Siddiqui, McGovern, Sobrinho-Wheeler and Ayesha Wilson were co-sponsors of the order; Siddiqui was co-sponsor of the November order with former councillor Quinton Zondervan, and at the time the two were the only “yes” votes. On Monday, the council passed the order 9-0, with a vote afterward to prevent reconsideration.

Public comment

Early in the evening, state Rep. Mike Connolly and Zondervan spoke in support of the cease-fire resolution.

“I stand in solidarity with Jews, Muslims, Palestinians, Israelis and people of all faiths and backgrounds who are calling for peace, for de-escalation, for the safe return of hostages, for the delivery of humanitarian aid and for an end to the killing of innocent civilians,” Connolly said. “I was proud to support the resolution back in November, and I think the resolution before you does even more to address the complexity of this issue.”

“Of course, I’m really thrilled to see the council take up the cease-fire again, and I’m confident that you will get it right this time,” Zondervan said.

Residents’ public comments from before councillors deliberated were more varied:

“While I don’t agree with everything in the resolution, I do believe there was an attempt at even-handedness,“ said Sarah Gross, who supported labeling Hamas as a terrorist organization. “I was extremely disheartened and frankly confused to hear that two City Council members felt that was a controversial statement. That makes me feel like we elected city councillors who are just not in line with our views and cannot fairly represent their Jewish constituents. Lastly, I ask you please not to give in to these protesters. They don’t live here and they seek to divide our community further.”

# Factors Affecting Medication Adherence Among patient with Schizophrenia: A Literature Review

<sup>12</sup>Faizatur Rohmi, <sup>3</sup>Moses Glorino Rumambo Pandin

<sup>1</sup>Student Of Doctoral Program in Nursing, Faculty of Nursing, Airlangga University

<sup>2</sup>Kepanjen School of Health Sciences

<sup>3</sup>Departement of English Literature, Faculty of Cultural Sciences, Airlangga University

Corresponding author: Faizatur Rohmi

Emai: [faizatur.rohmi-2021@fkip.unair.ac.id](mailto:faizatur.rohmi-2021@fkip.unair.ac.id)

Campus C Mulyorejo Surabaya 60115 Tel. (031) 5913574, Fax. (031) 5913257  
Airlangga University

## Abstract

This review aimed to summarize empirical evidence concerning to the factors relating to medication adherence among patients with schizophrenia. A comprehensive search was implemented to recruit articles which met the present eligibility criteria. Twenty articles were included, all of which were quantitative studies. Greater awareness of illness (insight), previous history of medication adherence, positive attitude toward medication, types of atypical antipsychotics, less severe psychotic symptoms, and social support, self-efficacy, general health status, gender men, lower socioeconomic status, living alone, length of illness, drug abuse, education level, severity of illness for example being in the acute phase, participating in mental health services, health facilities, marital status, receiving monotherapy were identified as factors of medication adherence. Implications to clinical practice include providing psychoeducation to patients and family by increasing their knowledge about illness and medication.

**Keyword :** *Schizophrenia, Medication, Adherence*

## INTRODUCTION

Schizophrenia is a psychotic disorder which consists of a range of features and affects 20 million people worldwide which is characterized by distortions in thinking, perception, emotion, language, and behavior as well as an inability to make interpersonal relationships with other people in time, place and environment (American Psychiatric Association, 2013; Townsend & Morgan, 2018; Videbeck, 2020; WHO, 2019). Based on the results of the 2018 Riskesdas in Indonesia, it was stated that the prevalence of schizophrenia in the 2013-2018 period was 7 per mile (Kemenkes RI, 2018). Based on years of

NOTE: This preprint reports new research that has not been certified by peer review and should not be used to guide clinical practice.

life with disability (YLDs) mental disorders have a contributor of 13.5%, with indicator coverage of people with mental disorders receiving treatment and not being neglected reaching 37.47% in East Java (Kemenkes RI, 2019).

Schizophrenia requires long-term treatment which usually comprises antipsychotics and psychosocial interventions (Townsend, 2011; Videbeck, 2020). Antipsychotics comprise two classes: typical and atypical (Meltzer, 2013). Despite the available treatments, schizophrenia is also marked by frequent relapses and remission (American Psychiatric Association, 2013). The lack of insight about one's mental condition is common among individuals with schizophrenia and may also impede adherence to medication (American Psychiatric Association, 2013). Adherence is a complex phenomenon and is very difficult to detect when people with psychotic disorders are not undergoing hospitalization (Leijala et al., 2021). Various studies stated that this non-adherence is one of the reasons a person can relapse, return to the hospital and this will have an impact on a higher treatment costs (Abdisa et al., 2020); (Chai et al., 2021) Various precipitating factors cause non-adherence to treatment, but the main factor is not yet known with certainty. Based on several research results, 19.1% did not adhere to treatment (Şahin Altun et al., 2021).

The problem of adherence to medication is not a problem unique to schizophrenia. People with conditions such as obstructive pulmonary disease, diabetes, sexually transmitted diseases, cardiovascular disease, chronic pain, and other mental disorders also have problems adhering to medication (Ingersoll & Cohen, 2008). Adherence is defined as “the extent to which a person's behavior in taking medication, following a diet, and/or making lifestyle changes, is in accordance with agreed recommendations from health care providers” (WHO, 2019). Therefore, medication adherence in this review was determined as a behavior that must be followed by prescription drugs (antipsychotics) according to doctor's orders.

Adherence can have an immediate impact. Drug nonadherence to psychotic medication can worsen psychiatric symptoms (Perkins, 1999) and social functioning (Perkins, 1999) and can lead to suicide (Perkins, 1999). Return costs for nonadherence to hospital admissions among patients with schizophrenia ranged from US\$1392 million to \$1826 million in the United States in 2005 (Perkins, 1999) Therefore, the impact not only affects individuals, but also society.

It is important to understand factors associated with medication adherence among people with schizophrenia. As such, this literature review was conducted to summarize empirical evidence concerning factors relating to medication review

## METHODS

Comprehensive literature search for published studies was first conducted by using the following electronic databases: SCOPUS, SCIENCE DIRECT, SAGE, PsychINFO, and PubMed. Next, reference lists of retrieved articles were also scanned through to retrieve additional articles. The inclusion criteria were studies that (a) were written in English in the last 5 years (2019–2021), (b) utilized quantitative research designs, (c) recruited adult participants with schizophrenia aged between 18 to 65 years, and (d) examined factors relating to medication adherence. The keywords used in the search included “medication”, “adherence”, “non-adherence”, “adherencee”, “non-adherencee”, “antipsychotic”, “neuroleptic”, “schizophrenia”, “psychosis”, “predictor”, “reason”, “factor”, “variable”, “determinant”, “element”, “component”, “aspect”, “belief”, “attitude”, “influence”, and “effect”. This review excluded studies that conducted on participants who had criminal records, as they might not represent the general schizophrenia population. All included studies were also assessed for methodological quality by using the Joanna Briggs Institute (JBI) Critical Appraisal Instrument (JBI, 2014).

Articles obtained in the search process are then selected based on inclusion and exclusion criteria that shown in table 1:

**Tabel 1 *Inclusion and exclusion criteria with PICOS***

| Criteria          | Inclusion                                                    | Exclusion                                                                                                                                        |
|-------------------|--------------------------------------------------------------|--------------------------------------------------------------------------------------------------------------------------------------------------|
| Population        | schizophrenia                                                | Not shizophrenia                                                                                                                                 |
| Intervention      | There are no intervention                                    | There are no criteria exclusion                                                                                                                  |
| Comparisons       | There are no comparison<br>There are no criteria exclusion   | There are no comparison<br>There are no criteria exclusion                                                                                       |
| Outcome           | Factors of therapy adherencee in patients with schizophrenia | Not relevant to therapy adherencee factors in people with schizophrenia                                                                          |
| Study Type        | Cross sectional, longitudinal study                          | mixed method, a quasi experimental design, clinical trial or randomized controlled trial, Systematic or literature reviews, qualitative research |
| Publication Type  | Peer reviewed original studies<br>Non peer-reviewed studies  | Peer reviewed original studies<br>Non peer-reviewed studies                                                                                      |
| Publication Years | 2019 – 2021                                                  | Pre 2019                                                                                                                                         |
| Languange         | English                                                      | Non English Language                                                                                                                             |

An opponent of the order, Tamara Roth, said: “As noted in the policy order, the purpose of the order is to relieve the significant trauma, fear and grief Cambridge residents have been experiencing for some time since Oct. 7. This policy order would accomplish the opposite. It would cause even more tension and stress in an already traumatized and divided community.”

Opponents were far outnumbered by supporters.

“I think it is a moral imperative for the Cambridge City Council to pass the policy order,” Andrew King said. “As a Jewish person, I’m proud to identify with our long history of standing up against oppression and injustice. And I’m here to say: No genocide in our name! We know what the International Court of Justice has ruled about the plausible claims that Israel has violated the genocide convention. Future generations of Cantabrigians will look back on this moment and ask how we responded. They will ask: Were we silent bystanders? Or did we speak up for peace?”


This post was updated Feb. 1, 2024, to correct the identification of Andrew King.